Book Review: Brothers Forever by Tom Sileo and Col. Thomas Manion



Travis Manion and Brendan Looney were a pair of fun-loving, athletic kids fresh out of high school when they entered the U.S. Naval Academy at Annapolis, Maryland in Fall 2000. Both from close-knit, Catholic families, they became best friends, running buddies, and honorary second sons in each others’ families. They shared a tenacious work ethic and a competitive streak founded on mutual respect. Manion went on to become an officer in the Marine Corps, known for his compassion toward local civilians as well as his dedication to the Corps, and was killed in action after saving two other Marines on the streets of Fallujah;  Looney became a well-respected Navy SEAL, perishing in a helicopter crash in the mountains of Afghanistan three years after the death of his best friend. Brothers, correspondents, and comforters to one another’s families throughout their ordeals, they are buried side-by-side at Arlington cemetery.

Travis’s father, Tom Manion (himself a retired Marine Corps Colonel) wrote Brothers Forever (along with Tom Sileo) to memorialize his two lost sons, and the book is obviously a labor of love. As you read you can feel the therapeutic value of the book to its author, and the bravery and pain inherent in its writing. I cannot imagine losing a son, let alone recounting his last moments (and the horrible weeks that followed) in painstaking detail. But I got the sense that the writing process was a beneficial one for Col. Manion, a way to share his memories, and his pride.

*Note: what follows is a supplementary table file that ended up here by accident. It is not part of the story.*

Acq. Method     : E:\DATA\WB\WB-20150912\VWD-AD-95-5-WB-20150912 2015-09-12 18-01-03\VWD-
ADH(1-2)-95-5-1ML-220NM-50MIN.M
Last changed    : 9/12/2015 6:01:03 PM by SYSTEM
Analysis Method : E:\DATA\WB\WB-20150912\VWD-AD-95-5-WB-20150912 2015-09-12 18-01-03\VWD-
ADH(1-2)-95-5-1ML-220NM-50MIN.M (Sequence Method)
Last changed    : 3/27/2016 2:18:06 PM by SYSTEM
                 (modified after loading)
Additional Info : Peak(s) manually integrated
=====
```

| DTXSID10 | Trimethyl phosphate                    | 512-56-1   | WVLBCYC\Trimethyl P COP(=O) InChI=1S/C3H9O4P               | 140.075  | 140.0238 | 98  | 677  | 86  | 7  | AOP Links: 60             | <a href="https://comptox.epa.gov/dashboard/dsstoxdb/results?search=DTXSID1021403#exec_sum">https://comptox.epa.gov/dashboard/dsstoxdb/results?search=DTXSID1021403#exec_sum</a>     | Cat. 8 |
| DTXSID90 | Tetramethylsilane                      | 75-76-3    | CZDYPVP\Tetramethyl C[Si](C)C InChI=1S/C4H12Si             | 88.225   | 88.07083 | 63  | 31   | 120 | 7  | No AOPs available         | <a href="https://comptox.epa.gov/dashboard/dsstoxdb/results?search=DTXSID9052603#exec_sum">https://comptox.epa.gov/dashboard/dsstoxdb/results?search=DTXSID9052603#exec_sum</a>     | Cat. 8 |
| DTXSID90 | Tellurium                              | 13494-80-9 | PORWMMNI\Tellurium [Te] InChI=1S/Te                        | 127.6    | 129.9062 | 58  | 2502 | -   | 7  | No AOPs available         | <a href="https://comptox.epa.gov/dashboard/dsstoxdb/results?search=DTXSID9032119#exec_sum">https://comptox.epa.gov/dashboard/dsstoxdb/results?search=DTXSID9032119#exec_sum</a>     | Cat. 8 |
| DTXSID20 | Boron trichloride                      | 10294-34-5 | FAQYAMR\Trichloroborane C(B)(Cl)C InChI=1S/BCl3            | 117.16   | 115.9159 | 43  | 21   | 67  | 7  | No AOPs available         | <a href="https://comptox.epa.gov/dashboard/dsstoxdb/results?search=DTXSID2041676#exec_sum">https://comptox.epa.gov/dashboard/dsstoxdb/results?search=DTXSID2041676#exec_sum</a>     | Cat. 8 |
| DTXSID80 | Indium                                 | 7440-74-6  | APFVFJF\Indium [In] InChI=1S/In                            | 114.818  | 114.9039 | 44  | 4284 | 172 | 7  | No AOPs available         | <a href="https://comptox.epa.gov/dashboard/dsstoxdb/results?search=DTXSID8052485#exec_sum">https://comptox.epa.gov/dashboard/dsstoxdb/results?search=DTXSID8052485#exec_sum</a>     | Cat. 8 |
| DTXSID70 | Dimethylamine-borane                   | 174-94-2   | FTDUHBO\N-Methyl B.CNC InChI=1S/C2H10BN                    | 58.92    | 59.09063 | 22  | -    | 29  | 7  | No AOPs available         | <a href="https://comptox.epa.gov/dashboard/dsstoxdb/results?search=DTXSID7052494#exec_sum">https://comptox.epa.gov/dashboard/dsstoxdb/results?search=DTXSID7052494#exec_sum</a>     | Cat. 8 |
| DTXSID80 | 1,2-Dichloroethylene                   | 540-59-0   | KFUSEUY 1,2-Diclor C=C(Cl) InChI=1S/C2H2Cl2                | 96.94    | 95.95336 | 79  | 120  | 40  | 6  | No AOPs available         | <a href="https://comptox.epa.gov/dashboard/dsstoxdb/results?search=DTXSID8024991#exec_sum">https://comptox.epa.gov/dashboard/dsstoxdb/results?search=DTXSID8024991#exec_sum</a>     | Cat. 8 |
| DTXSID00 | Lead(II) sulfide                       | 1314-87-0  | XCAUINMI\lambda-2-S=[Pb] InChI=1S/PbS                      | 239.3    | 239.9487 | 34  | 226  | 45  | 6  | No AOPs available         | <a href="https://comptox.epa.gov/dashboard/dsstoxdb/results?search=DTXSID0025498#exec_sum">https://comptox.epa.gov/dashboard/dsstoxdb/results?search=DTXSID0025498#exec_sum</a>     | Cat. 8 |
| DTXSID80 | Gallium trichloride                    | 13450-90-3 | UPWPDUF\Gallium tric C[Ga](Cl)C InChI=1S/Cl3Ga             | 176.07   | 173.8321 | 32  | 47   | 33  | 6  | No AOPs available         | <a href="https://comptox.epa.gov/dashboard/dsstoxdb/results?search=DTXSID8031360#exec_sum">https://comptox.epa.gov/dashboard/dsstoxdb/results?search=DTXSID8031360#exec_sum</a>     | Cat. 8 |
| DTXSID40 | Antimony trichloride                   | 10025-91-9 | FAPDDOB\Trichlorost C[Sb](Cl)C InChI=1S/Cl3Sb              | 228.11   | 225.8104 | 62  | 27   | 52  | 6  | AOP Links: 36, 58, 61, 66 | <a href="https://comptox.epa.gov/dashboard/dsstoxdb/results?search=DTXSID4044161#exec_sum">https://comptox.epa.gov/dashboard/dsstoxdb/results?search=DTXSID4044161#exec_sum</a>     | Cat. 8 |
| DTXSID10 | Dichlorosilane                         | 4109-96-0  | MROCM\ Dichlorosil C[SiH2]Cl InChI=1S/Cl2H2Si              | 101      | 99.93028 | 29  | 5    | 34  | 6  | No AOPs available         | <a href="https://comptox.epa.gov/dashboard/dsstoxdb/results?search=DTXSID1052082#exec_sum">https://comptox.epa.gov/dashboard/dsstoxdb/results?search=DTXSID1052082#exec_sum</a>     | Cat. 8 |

Brothers Forever is a useful book for readers not impacted daily by the tides of war. It’s a study of the families for whom world news and international politics have a daily bearing; families who listen closely to political debates and presidents’ speeches; who, as the author describes, cried upon learning of the capture of Osama bin Laden, not just from relief but because they knew people involved with his capture, or knew that their son/ husband, if still alive, would have been among them. Manion points out that only 1% of Americans now serve in our military, and that it is an all-volunteer force;  of that 1% , only a fraction have been impacted with such force as the Manions and the Looneys. Their sons volunteered not just for military service but for the most direct, front-lines brand of that service, making them both brave and vulnerable at the same time.